Intro to reactiveUtils

Intro to reactiveUtils

Rene Rubalcava | May 23, 2022

Reactive at heart

If you weren't already aware, the ArcGIS API for JavaScript is reactive at heart. Since it's release, you have had the capability to watch for property changes. This provides a lot more flexibility for developers to watch for changes they care about. Rather than rely on a variety of events, you can just watch for particular properties to change.

Since the release of version 4 of the API, there has been a watchUtils you could use to help you watch for changes. The drawback is that depending on what you were interested in, you could use a utility to check when a property has been defined, changed, or is a true/false boolean value. These watchUtils are being deprecated in favor of reactiveUtils, so there is no time to update like today!

Flexibility

A core benefit to using reactiveUtils is the flexibility you have to manage property changes. Combine this with optional chaining, and you don't even need to check if properties exist up front.

Let's take a quick look at reactiveUtils and what they are used for.

  • on() - Listen for events on a target
  • once() - Like watch, but only fires one time as a Promise
  • watch() - Most versatile of the methods, used for watching property changes
  • when() - Similar to watch, but executes the callback when the expression returns truthy
  • whenOnce() - Executes the when expression only once as a Promise

This is an older example of how you might do some deep property watching compared to how you can use reactiveUtils.

// old watchUtils
watch(view, 'map.basemap.title', (title) => console.log(title));

// reactiveUtils
watch(
    () => view.map?.basemap?.title,
    (title) => console.log(title)
);

This sample isn't too exciting, but it gives you an idea of what you can accomplish.

An incredibly useful property to track is view.updating. This property will be true when there is data being fetched, and rendered by the map, it becomes false when that rendering is done. It's useful to know when the View, in 2d or 3d, has completed drawing.

when(
    () => !view.updating,
    (updating) => /** take screenshot, notify user, etc **/
);

You can also watch for multiple properties to change. Maybe you are interested in checking when the zoom or scale of the map changes, but not when you pan the map. This requires that track the previous zoom value to compare.

let prevZoom;

// wait for view to be ready
whenOnce(() => view.ready).then(() => {
  // save the initial value
  prevZoom = view.zoom;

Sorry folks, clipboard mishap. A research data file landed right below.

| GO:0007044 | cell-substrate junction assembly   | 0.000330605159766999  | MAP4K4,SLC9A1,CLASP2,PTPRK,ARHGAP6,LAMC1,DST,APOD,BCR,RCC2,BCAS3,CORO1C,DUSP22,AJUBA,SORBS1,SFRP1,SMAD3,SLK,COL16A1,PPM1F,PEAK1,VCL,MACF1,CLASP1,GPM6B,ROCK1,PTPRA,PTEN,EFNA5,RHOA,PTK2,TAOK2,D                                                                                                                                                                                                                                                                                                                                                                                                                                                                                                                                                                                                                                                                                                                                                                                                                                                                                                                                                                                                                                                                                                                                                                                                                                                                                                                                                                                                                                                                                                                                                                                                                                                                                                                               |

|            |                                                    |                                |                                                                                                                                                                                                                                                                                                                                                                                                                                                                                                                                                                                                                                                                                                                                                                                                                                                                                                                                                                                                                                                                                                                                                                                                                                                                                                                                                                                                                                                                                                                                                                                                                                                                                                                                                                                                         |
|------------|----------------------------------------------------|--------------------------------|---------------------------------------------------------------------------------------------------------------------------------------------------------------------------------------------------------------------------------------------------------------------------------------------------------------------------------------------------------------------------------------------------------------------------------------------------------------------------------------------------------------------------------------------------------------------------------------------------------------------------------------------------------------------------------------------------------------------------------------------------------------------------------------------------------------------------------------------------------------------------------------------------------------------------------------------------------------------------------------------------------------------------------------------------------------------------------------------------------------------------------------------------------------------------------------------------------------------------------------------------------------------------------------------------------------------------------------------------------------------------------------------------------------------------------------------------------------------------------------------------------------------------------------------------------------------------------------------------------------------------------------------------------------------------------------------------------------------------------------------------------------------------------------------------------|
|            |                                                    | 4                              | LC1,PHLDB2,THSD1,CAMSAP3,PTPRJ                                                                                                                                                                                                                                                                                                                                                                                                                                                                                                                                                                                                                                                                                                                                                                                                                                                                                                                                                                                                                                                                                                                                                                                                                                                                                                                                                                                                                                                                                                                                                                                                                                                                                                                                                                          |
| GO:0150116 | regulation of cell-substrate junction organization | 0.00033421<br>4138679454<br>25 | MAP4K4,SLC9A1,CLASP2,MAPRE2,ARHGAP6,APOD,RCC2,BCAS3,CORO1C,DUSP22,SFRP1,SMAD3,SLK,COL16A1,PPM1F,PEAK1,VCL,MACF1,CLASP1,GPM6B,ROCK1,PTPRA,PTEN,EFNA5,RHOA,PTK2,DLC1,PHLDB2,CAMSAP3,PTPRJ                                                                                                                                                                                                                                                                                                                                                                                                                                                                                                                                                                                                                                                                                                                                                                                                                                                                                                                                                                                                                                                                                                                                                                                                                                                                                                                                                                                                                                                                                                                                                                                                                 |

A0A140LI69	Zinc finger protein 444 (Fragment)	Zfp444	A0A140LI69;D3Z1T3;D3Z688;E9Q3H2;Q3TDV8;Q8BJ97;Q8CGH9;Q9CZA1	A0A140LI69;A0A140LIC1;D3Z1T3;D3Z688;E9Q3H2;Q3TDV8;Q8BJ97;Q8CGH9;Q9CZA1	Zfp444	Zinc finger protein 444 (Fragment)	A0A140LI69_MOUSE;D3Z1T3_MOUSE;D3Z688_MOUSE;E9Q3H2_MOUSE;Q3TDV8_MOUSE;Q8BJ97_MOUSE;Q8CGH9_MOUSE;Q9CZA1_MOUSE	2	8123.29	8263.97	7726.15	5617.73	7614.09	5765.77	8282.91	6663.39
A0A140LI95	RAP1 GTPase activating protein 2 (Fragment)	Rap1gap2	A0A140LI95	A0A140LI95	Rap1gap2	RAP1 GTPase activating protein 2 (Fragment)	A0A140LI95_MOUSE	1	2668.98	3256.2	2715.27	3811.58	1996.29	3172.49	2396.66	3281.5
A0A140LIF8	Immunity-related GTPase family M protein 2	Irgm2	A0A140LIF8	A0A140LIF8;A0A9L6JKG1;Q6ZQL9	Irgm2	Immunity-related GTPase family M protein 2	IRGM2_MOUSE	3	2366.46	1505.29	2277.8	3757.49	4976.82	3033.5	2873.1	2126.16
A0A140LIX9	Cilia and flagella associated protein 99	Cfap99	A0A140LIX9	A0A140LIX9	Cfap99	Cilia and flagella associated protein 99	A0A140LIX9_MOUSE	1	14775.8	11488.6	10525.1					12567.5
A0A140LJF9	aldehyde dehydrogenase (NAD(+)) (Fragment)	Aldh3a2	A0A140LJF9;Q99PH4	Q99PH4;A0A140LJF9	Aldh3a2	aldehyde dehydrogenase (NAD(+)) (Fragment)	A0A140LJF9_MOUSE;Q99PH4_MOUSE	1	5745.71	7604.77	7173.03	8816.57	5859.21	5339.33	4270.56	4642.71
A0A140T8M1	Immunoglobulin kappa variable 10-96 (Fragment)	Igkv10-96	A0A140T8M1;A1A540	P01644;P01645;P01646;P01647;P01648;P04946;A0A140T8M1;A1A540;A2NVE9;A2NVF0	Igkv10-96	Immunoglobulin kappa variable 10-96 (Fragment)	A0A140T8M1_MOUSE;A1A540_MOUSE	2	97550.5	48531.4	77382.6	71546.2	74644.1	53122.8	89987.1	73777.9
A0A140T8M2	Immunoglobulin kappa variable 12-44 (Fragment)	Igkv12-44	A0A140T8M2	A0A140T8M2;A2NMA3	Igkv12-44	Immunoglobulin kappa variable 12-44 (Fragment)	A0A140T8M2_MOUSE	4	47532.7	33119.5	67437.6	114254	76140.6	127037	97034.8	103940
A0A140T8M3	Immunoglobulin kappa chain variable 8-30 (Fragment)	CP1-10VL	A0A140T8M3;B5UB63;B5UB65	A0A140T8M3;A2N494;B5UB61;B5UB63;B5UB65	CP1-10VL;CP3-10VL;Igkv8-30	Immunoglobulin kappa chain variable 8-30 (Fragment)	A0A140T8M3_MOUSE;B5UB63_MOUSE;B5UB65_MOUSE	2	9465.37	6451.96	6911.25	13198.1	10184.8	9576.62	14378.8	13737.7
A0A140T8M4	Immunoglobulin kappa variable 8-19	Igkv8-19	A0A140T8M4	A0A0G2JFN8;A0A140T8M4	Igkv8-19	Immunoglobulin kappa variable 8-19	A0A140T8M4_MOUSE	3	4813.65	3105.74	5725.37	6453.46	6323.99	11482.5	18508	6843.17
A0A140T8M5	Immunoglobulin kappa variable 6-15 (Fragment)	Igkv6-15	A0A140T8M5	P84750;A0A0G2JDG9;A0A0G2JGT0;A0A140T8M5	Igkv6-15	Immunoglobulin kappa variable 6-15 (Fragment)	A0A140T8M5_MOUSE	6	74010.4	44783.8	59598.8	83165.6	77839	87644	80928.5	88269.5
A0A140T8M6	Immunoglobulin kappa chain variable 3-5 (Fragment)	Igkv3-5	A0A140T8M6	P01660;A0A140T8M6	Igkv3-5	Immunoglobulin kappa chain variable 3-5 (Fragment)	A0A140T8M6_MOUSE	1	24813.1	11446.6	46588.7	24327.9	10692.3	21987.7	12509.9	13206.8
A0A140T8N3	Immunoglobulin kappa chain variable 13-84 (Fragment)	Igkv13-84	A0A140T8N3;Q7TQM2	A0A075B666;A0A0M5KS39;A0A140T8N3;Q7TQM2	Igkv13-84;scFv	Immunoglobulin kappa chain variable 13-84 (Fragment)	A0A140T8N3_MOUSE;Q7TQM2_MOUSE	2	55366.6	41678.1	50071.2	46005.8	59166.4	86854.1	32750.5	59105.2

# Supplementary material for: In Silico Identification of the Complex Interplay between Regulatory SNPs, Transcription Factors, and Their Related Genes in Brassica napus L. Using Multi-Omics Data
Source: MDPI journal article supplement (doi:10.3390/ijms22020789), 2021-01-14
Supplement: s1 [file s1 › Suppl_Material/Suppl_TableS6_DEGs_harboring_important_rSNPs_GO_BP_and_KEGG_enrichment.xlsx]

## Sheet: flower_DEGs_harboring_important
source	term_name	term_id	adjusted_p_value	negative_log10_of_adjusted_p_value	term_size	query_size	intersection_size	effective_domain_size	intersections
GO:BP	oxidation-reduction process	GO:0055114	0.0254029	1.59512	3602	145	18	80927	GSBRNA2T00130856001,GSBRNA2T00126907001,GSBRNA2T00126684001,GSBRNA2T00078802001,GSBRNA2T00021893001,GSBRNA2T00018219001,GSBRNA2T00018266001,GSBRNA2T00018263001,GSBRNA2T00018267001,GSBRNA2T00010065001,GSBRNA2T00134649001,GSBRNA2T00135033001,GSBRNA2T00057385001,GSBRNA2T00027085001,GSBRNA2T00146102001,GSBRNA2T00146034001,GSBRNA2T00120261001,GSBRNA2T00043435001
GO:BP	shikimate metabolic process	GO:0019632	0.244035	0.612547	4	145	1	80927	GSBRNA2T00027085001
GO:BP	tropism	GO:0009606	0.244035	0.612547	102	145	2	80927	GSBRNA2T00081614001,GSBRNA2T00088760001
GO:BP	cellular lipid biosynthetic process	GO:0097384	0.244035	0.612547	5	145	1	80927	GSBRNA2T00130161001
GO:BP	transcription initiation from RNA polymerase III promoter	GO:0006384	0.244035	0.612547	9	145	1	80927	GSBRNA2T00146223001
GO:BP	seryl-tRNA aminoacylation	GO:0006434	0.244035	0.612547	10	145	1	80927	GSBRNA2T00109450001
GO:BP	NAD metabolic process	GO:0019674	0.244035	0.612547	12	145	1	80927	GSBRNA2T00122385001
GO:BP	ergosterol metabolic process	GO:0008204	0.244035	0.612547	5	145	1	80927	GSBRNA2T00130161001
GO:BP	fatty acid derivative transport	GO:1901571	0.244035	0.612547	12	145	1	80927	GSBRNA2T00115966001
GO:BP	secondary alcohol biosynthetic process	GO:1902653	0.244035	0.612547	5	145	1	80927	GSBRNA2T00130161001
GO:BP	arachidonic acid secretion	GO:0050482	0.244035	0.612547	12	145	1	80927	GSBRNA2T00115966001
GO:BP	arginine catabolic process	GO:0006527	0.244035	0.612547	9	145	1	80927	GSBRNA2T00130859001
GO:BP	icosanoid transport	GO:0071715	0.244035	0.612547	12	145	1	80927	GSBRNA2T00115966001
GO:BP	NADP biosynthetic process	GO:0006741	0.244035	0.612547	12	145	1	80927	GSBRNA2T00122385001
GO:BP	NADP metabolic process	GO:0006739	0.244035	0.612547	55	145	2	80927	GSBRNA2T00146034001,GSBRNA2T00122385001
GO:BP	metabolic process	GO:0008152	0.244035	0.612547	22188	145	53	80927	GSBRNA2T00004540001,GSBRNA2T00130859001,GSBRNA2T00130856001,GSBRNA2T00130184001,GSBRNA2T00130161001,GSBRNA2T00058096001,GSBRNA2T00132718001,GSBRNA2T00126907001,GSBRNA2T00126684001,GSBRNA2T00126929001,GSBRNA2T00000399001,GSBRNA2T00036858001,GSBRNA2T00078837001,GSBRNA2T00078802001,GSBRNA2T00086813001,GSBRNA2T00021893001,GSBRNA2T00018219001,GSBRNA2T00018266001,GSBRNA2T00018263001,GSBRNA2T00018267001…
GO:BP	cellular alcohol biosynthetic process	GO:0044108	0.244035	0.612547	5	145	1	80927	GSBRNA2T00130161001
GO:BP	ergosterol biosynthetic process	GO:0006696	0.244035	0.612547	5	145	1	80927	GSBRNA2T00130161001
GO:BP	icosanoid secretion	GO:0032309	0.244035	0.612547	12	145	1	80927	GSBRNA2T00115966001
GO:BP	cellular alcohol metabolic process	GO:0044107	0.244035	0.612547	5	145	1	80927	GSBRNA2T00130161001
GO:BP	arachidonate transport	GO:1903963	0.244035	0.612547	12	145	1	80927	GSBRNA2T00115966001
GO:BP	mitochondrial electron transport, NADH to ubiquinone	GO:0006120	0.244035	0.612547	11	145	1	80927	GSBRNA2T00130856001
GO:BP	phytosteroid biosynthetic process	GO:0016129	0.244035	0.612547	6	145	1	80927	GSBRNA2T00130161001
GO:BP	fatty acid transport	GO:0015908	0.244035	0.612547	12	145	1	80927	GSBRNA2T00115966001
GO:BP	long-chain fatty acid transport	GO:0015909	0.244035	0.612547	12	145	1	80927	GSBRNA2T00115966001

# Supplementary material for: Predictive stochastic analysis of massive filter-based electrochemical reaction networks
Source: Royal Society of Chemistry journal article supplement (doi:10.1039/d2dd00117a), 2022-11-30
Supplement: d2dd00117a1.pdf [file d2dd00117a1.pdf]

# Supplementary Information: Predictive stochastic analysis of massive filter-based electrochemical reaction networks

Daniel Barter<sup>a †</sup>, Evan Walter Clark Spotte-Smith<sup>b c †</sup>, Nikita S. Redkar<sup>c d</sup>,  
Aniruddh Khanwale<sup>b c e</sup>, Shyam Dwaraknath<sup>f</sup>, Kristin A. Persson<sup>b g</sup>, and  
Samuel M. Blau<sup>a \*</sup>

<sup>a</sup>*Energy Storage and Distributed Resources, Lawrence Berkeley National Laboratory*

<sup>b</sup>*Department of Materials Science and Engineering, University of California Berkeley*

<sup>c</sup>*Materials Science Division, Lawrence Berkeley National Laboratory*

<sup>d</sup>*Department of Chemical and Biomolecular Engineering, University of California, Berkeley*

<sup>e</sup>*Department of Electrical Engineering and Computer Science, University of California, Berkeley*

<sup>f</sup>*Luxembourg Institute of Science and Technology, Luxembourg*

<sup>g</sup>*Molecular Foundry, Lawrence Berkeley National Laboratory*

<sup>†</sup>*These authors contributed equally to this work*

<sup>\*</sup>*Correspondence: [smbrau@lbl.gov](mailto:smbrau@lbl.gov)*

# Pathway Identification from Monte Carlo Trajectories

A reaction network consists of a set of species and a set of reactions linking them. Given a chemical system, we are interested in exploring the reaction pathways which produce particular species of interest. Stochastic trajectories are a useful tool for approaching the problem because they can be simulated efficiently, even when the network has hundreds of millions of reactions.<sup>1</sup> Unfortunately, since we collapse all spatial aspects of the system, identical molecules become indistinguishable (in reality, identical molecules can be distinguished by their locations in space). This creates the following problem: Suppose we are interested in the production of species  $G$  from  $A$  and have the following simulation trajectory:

watch(
    () => [view.zoom, view.stationary],
    ([zoom, stationary]) => {
      // do not execute if values are the same
      if (zoom === prevZoom) return;
      // make sure view is stationary
      if (stationary) {
        // update tracked value
        prevZoom = zoom;
        // do something when the value is updated as expected
        console.log(zoom);
      }
    }
  );
});

In this sample, as a bonus, we can look at an alternative to view.when() to check then the view.ready property is true using whenOnce.

You can get as detailed or specific in how you watch for property changes as needed. There's a great sample in the documentation you can look at with some good use cases.

Events

An alternative to target.on() is using the on() to listen for events.

on(
    () => view.popup,
    "trigger-action",
    (event) => handleTriggerAction(event)
);

You can even listen for multiple events.

on(
    () => view,
    ["click", "double-click"],
    (event) => handleViewEvents(event)
);

This could be useful if you want to handle multiple events the same way on a component or element.

Summary

This was just a quick intro to reactiveUtils in the ArcGIS API for JavaScript. There are many different use cases you can leverage in your applications with this utility. There are less methods in reactiveUtils than you would find in watchUtils, but now you have more flexibility in how you compose what is being watched, when you handle those updates and other side effects in your application. If you can learn how to leverage reactiveUtils in the ArcGIS API for JavaScript, you can take your development experience to the next level!

You can see more details in the video below!